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I have just come across this wind sound coming from pressure sensor of Insight lander which is in Mars at the moment.

I know basically that AM, FM, PSK, FSK ect. all have disadvantages and advantages depending on the bandwidth, terrain, distance ect. I'm assuming between the planets or the moon the scenario is more likely pure line of sight with plane waves but have no information on the topic even in a basic level.

What carrier frequency and what type of modulation technique could they be using for such radio transmission?

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    \$\begingroup\$ This is far too broad, as there are multiple communication systems on such missions! But rest assured: the analog vs digital war was over in the 1980s, when we proved that under the same noise, one could get more out of a channel when using digital modes (allowing channel coding), not only on paper, but also practically. So, at least definitely no AM or FM. \$\endgroup\$ – Marcus Müller Dec 8 '18 at 2:21
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    \$\begingroup\$ about 8GHz for downlink and uplink; the antennas need to be quite directional, for high speed; the Pluto downloads were only 100 bits/second and took weeks to send the many photos. \$\endgroup\$ – analogsystemsrf Dec 8 '18 at 3:05
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For science data these days, the preferred frequency band for Earth-bound links is X-band for numerous reasons.

  1. Relatively unaffected by atmospheric conditions (on Earth), unlike Ku/Ka which are subject to severe attenuation through rain.

  2. Higher frequency yields higher antenna gain at the probe (rocket fairing constraints limit diameter of antenna, and nobody wants a repeat of what happened to the Galileo probe). X-band again is a decent compromise.

  3. For the Mars Menagerie there are multiple frequency bands in use from UHF to Ka band, primarily between the ground-based probes and the orbiters which can serve as store-and-forward systems. Again the primary Earth link is X-band.

  4. The X-band technology is pretty robust, but there have been tests of optical (laser) communications links, however no interplanetary probe has used this as the primary data link. The Psyche probe is scheduled to have optical capability for deep space testing. Again the problem with optical wavelengths is the atmospheric uncertainty, which would put such a station up on a mountain range such as Atacama desert for utilization. Most likely the practical configuration will be to have a satellite (network) receive the deep space signal and retransmit to the ground using a more powerful signal (since the path length is much shorter, and the local satellite can have rather large solar panel efficiency).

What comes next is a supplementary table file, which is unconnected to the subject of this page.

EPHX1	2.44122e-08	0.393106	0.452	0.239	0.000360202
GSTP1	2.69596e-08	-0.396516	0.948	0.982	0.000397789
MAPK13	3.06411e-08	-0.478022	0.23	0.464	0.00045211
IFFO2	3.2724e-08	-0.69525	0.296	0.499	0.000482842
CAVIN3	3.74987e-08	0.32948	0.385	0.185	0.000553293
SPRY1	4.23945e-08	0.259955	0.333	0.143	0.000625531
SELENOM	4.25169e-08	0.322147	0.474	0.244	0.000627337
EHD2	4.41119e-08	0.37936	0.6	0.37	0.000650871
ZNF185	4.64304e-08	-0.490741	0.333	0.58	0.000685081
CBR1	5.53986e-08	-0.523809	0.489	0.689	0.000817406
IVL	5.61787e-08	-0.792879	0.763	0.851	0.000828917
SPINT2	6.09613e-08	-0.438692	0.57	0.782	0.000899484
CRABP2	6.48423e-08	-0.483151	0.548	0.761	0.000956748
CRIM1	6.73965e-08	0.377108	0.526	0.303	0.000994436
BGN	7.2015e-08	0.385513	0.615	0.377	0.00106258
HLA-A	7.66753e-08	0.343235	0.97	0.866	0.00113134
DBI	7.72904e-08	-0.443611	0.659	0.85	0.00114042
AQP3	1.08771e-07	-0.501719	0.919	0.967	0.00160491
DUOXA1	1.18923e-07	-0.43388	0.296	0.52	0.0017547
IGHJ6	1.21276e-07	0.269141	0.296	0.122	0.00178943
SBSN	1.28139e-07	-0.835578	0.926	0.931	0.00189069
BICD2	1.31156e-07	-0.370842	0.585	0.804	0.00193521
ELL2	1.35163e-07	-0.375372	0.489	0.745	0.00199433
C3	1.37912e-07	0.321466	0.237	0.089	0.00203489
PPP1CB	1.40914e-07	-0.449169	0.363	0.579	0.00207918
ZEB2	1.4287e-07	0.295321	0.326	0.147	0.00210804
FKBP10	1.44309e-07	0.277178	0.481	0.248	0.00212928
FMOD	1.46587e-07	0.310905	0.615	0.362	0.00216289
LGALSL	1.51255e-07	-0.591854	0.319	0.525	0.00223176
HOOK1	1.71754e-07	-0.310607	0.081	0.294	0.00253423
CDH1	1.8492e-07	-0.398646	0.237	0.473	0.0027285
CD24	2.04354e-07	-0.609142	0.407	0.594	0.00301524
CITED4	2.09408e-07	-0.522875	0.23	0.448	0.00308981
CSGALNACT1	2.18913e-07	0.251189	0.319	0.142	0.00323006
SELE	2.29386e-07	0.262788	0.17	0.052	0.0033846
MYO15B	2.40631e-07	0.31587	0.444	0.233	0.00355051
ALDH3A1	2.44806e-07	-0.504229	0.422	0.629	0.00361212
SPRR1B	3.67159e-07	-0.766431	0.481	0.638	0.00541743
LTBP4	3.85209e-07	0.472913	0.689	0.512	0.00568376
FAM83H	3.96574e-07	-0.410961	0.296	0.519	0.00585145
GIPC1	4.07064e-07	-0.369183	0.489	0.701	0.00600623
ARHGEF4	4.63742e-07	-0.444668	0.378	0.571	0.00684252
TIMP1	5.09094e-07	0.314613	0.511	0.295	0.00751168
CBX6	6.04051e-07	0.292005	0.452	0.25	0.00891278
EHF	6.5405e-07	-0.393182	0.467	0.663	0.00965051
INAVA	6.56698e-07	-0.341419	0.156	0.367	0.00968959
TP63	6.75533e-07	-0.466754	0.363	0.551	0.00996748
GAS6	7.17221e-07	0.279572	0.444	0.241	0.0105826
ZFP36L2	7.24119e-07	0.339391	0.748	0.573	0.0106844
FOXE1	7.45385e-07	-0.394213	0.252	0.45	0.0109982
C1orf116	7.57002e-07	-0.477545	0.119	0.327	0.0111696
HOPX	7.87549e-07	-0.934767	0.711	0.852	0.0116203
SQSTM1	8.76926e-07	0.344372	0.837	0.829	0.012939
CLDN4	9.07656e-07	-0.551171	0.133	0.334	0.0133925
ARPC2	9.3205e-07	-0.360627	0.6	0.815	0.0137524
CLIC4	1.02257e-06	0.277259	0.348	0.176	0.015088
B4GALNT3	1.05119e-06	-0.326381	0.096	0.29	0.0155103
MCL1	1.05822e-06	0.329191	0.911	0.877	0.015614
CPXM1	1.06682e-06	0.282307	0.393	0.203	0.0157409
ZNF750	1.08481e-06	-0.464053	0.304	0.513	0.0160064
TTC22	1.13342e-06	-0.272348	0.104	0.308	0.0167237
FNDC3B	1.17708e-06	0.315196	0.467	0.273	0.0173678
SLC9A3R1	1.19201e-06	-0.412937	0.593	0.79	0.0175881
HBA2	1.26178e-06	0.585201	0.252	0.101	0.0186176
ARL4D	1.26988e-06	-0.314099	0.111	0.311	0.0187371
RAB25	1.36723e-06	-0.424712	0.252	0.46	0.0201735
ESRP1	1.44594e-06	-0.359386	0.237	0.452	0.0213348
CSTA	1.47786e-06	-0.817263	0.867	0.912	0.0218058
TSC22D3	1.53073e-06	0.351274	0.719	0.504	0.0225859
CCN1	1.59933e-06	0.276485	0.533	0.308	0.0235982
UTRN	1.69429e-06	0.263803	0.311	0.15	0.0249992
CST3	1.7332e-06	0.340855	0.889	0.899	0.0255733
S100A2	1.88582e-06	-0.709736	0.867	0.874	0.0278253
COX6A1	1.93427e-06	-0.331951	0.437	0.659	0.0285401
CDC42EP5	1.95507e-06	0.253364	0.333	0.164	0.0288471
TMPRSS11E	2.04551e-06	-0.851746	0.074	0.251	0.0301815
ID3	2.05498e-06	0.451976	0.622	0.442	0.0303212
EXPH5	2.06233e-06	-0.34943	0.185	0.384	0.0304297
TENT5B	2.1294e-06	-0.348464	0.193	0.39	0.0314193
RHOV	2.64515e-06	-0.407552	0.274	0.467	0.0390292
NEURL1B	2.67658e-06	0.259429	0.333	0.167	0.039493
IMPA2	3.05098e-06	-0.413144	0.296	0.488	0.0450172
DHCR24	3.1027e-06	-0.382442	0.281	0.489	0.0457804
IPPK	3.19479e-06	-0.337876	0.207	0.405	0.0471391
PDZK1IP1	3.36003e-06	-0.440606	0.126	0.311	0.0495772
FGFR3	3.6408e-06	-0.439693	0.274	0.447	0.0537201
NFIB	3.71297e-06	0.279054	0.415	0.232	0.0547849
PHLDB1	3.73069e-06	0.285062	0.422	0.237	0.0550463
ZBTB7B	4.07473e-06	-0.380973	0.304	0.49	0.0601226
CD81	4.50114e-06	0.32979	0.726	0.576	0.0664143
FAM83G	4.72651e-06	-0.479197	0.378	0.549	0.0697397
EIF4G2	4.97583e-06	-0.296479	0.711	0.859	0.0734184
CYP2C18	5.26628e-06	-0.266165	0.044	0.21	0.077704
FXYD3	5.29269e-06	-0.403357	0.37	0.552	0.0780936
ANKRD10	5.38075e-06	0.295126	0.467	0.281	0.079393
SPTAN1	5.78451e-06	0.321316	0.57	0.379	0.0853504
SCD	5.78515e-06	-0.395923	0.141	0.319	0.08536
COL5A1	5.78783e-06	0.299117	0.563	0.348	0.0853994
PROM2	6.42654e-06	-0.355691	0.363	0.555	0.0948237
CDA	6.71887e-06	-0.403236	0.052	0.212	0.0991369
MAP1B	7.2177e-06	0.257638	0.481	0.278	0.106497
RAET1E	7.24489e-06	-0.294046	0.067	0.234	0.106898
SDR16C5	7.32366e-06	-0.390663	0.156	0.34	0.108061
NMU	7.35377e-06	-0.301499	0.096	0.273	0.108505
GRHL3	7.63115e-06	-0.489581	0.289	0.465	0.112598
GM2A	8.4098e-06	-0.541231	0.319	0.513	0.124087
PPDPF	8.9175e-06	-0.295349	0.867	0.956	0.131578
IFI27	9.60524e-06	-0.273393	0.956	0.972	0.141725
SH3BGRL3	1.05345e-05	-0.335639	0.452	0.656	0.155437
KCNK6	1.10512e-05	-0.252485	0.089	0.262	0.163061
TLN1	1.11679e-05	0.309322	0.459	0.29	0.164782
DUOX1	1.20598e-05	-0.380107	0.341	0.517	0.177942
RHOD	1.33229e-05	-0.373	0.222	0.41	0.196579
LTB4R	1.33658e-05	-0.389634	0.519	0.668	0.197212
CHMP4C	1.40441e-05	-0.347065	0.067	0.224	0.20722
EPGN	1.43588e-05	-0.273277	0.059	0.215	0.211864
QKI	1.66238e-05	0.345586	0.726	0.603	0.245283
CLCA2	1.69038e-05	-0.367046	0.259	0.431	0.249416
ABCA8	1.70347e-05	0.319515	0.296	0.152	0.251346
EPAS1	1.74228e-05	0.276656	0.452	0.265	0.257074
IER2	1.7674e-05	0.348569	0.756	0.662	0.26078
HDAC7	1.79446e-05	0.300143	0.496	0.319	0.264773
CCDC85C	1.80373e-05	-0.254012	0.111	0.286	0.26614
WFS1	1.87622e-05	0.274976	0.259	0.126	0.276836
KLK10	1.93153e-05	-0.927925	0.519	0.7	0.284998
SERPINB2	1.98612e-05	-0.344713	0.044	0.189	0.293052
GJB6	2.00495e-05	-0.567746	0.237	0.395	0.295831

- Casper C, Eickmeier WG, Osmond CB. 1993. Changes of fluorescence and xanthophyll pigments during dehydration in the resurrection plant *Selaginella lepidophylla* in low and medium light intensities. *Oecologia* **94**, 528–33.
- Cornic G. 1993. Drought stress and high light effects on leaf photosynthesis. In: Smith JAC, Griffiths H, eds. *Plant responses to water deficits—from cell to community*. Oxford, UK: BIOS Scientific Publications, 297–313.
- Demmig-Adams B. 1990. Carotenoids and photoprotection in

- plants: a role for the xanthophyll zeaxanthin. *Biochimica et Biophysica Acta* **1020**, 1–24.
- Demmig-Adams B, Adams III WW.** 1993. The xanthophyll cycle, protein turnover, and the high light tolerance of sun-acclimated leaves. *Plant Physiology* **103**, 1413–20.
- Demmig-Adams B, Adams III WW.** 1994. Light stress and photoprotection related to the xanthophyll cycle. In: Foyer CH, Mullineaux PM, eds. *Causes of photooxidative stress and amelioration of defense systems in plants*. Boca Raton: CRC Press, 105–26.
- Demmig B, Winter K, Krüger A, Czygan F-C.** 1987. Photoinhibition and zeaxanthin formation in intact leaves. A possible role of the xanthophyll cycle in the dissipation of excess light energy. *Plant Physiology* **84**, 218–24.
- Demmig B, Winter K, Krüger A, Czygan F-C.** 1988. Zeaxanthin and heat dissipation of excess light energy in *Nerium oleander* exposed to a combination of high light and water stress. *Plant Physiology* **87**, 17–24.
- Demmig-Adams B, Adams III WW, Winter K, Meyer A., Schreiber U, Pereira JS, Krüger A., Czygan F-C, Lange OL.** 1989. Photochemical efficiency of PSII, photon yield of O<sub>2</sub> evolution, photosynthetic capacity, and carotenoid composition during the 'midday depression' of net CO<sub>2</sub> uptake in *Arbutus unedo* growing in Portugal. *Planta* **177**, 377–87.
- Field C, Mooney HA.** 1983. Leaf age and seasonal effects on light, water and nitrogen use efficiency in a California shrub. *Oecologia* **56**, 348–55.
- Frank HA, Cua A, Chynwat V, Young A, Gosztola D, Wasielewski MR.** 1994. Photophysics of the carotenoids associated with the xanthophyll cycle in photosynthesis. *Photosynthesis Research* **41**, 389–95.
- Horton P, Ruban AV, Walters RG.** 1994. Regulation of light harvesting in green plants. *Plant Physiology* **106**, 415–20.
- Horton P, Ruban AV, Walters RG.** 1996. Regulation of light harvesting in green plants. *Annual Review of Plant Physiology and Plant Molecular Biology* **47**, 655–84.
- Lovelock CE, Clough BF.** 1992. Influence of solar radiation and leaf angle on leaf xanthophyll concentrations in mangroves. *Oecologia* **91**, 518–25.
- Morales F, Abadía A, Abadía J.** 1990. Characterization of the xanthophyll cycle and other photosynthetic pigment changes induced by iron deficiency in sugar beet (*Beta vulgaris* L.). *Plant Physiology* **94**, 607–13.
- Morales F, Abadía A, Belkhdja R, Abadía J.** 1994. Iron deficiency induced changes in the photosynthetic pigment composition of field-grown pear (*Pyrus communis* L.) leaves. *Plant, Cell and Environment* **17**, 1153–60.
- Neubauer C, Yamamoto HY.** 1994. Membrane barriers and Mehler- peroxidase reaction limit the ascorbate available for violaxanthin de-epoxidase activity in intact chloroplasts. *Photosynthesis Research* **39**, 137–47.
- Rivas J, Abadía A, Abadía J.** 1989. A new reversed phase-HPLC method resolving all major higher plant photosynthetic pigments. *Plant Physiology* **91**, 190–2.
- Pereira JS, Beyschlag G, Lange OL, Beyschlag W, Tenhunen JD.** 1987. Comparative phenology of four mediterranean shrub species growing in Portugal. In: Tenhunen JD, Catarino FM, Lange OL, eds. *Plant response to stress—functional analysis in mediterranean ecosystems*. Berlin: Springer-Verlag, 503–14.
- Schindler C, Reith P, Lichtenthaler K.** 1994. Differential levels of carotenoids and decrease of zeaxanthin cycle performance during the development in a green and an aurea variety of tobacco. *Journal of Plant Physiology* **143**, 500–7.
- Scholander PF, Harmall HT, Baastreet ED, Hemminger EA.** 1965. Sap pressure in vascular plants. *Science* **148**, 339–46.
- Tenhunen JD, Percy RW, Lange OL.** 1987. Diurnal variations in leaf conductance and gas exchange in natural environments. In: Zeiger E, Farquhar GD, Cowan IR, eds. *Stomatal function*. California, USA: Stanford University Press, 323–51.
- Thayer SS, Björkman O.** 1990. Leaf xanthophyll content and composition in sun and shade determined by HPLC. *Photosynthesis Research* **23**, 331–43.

5. It would be difficult to locate enough atmospherically clear areas around the world to provide the same coverage as the existing DSN system. On the other hand the sites would not take up nearly as much room.

  6. There can be other narrow-band links at other frequencies for telemetry, command and control, emergency operations.

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  • \$\begingroup\$ If two points in space are very very far from each other a small movement will cause a huge angular distance error. If the directivity is very high isn't it very hard to achieve aligning the receiver and transmitter antennas where one here in Earth and the other in Mars? \$\endgroup\$ – user16307 Dec 8 '18 at 3:20
  • \$\begingroup\$ For current systems the Earth-side antennas will have both high resolution (0.001 degree) position encoder systems, and will also have a monopulse feed structure which allows the control system to automatically follow the wavefront as it comes in. On the probe side, it's not nearly as critical, as a 2.4m dish will have a pretty wide beamwidth (relatively speaking); an optical system such as a star-tracker allows the probe to know which direction to point, for fly-by probes it's not a huge deal, but for orbiters the propellant consumption budget is always something you have to deal with. \$\endgroup\$ – isdi Dec 8 '18 at 3:39

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